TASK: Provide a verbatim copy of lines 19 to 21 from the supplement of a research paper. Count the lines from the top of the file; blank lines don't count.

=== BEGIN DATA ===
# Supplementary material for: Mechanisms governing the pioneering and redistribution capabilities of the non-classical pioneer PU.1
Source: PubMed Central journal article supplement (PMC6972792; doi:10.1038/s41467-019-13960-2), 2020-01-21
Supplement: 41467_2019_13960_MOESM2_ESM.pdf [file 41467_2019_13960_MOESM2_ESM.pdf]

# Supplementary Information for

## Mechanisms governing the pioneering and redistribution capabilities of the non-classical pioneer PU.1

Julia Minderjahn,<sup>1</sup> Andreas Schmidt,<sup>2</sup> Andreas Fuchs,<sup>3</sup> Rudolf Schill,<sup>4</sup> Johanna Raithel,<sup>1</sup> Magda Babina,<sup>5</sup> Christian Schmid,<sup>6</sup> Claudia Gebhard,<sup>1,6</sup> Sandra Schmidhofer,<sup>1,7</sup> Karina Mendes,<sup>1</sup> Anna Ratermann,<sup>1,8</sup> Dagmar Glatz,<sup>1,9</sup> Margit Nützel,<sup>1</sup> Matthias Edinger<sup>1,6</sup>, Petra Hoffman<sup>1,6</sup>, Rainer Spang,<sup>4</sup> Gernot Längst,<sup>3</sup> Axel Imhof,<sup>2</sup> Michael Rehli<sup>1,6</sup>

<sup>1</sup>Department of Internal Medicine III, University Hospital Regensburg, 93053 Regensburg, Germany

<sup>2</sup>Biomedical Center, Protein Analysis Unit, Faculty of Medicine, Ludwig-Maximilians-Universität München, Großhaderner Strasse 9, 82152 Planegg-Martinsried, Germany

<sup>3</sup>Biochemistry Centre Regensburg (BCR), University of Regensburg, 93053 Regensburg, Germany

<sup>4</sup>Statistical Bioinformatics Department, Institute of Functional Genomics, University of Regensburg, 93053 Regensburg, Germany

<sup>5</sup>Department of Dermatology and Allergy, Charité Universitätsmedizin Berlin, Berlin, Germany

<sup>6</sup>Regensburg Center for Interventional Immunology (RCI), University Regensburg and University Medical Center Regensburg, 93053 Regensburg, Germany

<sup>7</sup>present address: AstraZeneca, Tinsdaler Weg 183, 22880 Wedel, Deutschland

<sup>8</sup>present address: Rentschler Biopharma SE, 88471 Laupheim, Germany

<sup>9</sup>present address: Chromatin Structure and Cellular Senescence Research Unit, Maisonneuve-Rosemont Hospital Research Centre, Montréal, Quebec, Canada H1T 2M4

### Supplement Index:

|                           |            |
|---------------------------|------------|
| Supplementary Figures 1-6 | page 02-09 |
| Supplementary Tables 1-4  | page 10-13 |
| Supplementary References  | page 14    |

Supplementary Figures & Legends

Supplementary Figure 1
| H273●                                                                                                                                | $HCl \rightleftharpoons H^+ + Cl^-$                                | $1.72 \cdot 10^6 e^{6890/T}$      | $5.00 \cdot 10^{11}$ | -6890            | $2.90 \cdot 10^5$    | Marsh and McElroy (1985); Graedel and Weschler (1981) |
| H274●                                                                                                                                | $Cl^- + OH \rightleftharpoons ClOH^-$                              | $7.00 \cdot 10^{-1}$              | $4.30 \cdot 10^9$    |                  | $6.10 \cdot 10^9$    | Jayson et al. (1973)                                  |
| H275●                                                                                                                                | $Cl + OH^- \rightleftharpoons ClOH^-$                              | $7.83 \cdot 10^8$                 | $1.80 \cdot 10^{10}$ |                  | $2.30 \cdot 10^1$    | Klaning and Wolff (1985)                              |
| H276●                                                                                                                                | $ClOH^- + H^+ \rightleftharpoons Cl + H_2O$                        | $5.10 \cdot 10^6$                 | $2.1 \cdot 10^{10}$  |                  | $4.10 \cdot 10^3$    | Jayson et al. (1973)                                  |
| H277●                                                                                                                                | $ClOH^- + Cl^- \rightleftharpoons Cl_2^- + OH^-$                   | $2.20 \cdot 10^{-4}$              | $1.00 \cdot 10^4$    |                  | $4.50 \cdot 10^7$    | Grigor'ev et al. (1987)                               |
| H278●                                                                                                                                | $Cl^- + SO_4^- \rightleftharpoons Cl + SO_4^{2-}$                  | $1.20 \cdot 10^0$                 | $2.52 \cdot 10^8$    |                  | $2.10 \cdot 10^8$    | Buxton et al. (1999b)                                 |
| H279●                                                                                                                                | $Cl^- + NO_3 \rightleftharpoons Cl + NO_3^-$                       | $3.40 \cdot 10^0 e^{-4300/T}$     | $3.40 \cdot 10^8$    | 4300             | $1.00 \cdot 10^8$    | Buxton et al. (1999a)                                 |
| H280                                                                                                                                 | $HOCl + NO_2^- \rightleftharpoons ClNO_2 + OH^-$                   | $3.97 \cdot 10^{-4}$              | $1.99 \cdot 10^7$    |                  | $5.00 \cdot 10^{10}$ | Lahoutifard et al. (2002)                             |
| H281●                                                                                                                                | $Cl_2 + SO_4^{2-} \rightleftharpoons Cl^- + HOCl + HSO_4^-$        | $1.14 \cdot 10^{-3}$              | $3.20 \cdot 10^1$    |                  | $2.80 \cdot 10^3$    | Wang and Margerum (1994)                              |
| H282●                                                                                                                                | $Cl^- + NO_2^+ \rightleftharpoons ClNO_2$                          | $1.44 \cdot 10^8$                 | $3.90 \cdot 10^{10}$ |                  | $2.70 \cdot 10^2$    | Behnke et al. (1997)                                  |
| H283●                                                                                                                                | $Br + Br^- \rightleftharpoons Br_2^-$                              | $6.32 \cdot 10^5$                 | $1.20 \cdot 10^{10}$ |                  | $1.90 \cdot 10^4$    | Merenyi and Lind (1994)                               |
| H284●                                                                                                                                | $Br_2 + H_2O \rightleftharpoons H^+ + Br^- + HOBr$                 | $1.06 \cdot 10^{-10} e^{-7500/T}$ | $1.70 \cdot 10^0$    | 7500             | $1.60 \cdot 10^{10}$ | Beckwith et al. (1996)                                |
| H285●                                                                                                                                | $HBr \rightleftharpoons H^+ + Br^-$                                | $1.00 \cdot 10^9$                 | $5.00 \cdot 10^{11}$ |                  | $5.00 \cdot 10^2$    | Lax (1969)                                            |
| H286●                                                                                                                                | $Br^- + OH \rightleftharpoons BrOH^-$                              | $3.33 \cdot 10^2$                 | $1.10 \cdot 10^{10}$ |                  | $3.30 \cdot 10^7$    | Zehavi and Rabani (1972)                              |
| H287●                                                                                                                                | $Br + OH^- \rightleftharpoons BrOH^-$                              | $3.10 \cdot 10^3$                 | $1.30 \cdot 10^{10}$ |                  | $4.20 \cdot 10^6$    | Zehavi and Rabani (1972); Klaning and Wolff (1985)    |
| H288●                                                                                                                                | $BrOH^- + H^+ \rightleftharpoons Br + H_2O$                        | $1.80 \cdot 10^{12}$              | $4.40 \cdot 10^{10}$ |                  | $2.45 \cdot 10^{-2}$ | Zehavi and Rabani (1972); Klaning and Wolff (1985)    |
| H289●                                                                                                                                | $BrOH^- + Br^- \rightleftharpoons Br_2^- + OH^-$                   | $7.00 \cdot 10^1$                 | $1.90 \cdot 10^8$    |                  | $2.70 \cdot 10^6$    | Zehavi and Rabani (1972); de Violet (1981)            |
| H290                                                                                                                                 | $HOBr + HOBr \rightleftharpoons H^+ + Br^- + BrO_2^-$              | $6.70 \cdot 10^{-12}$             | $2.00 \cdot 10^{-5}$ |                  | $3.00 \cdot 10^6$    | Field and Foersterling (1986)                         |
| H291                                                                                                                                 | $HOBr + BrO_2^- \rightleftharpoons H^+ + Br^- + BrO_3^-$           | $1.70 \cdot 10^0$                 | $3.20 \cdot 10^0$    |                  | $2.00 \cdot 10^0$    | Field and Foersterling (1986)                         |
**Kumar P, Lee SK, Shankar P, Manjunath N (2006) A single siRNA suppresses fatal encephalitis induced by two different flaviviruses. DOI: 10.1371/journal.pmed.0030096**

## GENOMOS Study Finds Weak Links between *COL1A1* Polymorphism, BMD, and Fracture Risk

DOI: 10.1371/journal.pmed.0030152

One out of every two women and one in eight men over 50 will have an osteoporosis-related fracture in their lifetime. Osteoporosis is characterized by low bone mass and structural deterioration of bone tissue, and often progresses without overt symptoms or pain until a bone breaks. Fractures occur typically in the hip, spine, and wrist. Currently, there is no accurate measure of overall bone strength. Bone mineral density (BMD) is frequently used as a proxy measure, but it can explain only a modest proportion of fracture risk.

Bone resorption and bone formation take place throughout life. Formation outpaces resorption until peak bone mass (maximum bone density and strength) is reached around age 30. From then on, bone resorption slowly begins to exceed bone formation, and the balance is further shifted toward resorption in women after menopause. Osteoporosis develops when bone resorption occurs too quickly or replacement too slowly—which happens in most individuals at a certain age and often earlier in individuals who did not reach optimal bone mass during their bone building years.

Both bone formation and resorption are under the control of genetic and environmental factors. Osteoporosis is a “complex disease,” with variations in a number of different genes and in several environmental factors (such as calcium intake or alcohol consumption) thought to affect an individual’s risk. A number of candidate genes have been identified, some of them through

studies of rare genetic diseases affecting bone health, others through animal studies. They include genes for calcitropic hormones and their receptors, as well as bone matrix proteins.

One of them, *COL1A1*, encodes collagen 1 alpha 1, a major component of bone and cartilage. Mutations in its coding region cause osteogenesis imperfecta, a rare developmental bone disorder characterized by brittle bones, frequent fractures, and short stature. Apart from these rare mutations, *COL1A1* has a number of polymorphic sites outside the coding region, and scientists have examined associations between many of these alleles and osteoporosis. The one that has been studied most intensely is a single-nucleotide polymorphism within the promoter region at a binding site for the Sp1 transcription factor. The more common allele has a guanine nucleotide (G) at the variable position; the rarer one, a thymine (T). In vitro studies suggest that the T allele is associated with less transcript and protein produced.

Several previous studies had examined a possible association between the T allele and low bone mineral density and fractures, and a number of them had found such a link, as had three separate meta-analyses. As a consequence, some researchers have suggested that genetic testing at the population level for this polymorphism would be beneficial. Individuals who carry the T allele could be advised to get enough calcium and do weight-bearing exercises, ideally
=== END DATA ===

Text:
| Supplementary Figures 1-6 | page 02-09 |
| Supplementary Tables 1-4  | page 10-13 |
| Supplementary References  | page 14    |